President Bush to Scientists and the Sick: ‘Drop Dead’

In George W Bush’s America, it’s okay to throw human embryos in the trash, but not to use them as a source of stem cells.

A political question on the minds of scientists in the United States is: How big will the Republican losses be in November?

History shows that Republicans are almost certain to lose ground. The party that holds the White House almost always loses seats in the midterm Congressional elections held in the sixth year of a two-term presidency. This year should be no different. President Bush is suffering from low approval ratings, and there is widespread discontent about the war in Iraq. Perhaps 2006 will be one of those landmark years in which control of Congress switches parties. If Democrats in the House of Representatives gain 15 seats-a number that is within reach&mdashthen Republicans will lose power there for the first time since 1994. Democrats need to gain six seats in the Senate to take control there-a less likely prospect but still possible.

The elections are particularly important to scientists because the Bush Administration has hindered scientific knowledge, usually to please backers who are fundamentalist Christians. The religious supporters of George W Bush and other Republicans are generous, organised and, thus, powerful.

President Bush opposes human embryonic stem-cell research because his Christian sponsors say clusters of cells have souls in the image of their god and deserve the same rights as other humans. The likelihood that stem-cell research might lead to breakthroughs in the treatment of devastating medical conditions such as Alzheimer’s, Parkinson’s, diabetes, heart disease and spinal cord injury does not matter to them.

In July of this year, President Bush used his first veto when he struck down the Stem Cell Research Enhancement Act of 2005, which would have removed some restrictions on federal funding of human embryonic stem-cell research. The bill proposed to let the federal government fund research using surplus embryos generated by in vitro fertilisation (IVF) procedures. Bush claimed he opposed such research because it involves the destruction of human life. The president’s message echoed anti-abortionists and evoked images of mad scientists killing babies for hideous experiments. On religious grounds, the Bush Administration considers spare embryos from IVF procedures as the equivalent of human beings. However, early in its existence as a blastocyst, the embryo is not a fixed individual, as shown by the fact that it can spontaneously separate into many parts. The embryos have no prospect of developing the capacities and properties of persons because they will not be implanted in a womb. These surplus clusters of cells are usually discarded as medical waste, about 400 000 per year in the United States. President Bush knows this, but he did not seek to ban IVF.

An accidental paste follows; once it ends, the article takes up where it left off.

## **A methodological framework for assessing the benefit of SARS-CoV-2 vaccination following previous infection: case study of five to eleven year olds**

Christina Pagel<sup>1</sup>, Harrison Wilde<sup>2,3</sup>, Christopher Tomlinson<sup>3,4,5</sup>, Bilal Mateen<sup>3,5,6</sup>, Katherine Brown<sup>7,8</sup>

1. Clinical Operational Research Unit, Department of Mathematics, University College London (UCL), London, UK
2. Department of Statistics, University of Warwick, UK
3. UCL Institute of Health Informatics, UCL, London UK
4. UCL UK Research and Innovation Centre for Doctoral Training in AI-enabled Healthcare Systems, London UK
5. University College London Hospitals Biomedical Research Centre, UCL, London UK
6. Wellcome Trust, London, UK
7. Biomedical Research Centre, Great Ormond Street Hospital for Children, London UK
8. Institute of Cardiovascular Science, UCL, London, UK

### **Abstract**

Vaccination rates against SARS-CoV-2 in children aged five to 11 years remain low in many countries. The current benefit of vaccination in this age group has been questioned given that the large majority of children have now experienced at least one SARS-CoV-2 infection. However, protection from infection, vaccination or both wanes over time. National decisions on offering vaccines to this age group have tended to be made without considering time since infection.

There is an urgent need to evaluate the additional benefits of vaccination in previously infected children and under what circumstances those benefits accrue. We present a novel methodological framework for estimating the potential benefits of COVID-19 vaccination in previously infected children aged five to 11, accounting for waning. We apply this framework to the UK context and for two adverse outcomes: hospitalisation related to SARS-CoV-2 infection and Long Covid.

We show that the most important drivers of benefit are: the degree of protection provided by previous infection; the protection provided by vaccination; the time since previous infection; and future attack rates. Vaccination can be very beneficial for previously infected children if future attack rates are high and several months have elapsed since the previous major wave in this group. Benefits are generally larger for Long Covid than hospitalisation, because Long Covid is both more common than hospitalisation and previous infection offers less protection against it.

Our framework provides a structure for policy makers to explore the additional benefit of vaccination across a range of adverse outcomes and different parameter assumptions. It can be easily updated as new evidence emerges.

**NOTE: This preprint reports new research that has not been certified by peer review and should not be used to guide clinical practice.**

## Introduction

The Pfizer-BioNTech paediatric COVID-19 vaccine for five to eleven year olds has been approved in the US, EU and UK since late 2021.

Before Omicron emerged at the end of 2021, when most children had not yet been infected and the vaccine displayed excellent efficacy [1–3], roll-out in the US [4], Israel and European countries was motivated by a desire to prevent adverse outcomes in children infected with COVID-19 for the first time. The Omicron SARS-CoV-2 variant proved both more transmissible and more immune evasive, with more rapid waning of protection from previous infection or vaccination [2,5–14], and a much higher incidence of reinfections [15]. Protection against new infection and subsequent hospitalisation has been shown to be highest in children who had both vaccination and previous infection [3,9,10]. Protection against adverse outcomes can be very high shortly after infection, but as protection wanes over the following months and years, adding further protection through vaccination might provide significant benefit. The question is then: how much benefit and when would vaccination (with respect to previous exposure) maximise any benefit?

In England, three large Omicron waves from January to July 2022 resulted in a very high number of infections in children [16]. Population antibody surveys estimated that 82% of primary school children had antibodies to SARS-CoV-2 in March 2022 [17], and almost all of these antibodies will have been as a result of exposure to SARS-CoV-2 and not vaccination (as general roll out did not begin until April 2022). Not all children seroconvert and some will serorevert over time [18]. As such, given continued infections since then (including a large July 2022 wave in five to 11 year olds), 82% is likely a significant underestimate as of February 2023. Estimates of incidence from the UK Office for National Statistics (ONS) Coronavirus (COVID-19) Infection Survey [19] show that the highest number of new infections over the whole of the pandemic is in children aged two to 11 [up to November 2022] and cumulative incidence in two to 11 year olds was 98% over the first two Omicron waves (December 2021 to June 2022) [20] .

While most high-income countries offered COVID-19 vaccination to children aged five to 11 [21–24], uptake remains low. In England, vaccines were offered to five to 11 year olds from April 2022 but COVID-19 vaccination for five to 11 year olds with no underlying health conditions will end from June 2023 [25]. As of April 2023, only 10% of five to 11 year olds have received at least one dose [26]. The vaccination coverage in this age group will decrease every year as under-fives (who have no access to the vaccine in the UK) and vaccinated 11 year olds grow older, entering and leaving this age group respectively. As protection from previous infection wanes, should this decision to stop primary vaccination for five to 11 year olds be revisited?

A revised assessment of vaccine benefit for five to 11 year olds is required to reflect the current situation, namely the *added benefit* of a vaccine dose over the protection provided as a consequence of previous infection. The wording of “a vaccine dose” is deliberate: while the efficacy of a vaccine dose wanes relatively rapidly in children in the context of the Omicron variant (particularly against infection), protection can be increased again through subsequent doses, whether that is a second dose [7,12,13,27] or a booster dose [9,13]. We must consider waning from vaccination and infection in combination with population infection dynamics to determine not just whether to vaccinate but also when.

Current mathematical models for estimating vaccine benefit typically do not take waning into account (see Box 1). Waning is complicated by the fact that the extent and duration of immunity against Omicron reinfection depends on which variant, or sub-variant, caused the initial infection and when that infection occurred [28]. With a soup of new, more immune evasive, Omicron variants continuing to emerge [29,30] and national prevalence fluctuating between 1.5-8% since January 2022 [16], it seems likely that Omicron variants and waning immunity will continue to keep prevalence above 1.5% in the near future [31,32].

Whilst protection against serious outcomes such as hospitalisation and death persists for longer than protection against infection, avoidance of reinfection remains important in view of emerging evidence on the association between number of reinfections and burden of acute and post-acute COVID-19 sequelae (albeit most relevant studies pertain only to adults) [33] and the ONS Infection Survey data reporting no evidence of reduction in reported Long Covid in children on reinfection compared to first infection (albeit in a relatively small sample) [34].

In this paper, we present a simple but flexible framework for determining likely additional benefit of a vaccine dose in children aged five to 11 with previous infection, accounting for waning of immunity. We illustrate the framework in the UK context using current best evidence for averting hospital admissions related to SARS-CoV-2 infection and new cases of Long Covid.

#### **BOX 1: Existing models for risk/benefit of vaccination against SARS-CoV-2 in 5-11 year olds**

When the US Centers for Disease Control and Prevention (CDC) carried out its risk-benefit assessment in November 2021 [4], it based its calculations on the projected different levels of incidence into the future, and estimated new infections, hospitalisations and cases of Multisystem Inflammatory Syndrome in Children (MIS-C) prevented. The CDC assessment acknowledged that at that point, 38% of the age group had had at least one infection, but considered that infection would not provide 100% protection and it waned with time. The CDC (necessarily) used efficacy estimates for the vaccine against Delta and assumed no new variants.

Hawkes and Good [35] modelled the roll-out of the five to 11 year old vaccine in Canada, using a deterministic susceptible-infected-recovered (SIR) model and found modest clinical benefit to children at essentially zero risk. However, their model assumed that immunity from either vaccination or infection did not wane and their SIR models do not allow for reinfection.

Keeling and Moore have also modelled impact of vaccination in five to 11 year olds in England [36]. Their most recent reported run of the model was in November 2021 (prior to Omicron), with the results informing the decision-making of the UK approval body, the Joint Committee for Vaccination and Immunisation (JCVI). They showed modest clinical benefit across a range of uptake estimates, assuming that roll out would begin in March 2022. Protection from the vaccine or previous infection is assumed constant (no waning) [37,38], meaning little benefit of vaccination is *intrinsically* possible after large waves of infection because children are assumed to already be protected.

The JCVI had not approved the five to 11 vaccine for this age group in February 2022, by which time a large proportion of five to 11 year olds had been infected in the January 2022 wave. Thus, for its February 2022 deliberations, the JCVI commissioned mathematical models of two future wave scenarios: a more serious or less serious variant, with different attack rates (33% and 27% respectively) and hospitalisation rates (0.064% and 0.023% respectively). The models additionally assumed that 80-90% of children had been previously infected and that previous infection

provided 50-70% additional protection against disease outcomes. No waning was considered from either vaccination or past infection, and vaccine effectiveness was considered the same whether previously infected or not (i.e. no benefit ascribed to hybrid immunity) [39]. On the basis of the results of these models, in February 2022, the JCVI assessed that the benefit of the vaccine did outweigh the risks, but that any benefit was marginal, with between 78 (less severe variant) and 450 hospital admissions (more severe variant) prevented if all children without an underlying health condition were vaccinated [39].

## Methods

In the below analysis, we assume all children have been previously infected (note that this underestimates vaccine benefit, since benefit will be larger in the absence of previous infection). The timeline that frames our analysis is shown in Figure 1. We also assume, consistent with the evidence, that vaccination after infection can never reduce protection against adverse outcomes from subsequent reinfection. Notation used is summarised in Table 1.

His self-righteous posturing insulted the countries that have started embryonic stem-cell programmes, such as Britain, Australia, Sweden, Germany, Canada, South Africa and France. Meanwhile, scientists in the country with the world’s biggest laboratories have their hands tied by dogma.

In Bush’s home state of Texas, Republican politicians are divided on the issue. Former state lawmaker Randy Graf says no taxes should go to embryonic stem-cell research. (He also says Creationism makes at least as much sense to him as evolution. On the question of the age of the Earth, Graf is blunt: “I don’t know, and I don’t care. I’ve got my Christian faith, and I’m very comfortable with that.”) Auto-shop manager Mike Jenkins says he is against federal funding for stem-cell research because the government will waste the money. He also opposes government support of aids and cancer research for the same reason. On the other hand, Mike Hellon, former chair of the Arizona Republican Party, said, “It is inconsistent to say it’s okay to throw embryos in the trash, but it’s not okay to harvest stem cells.”

The six Democrats seeking the seat all support federal funding of stem-cell research. Retired federal bureaucrat Francine Shacter says the opposition to stem-cell research reflects the Bush Administration’s anti-science bent: “I have lived on the outskirts of the scientific world my entire life. One of the things I deplore about this Administration is the dumbing down of science. There’s a fundamental dishonesty there that disturbs me very badly.” Jeff Latas, a pilot, says watching his son fight leukaemia has given him a firsthand look at the importance of stem-cell research: “By vetoing to satisfy a very small sector of the conservative side of the Republican Party, essentially, you’re signing a death warrant to millions of Americans.”

Perhaps the November elections will get Republicans off the back of scientists.

Hokum Locum

Now that Terri Schiavo has been allowed to die peacefully there is an opportunity to reflect on the matter free from the hysteria and religious arguments advanced as an excuse to maintain her in a vegetative state. When discussing the ethics of the situation with a local surgeon he commented that the main problem was that the feeding tube should never have been inserted in the first place. A feeding tube is surgically inserted into the stomach through a hole in the abdominal wall. Once such medical interventions have been made it is very hard to reverse them. In this case the debate appears to have been hijacked by Catholic pressure groups.

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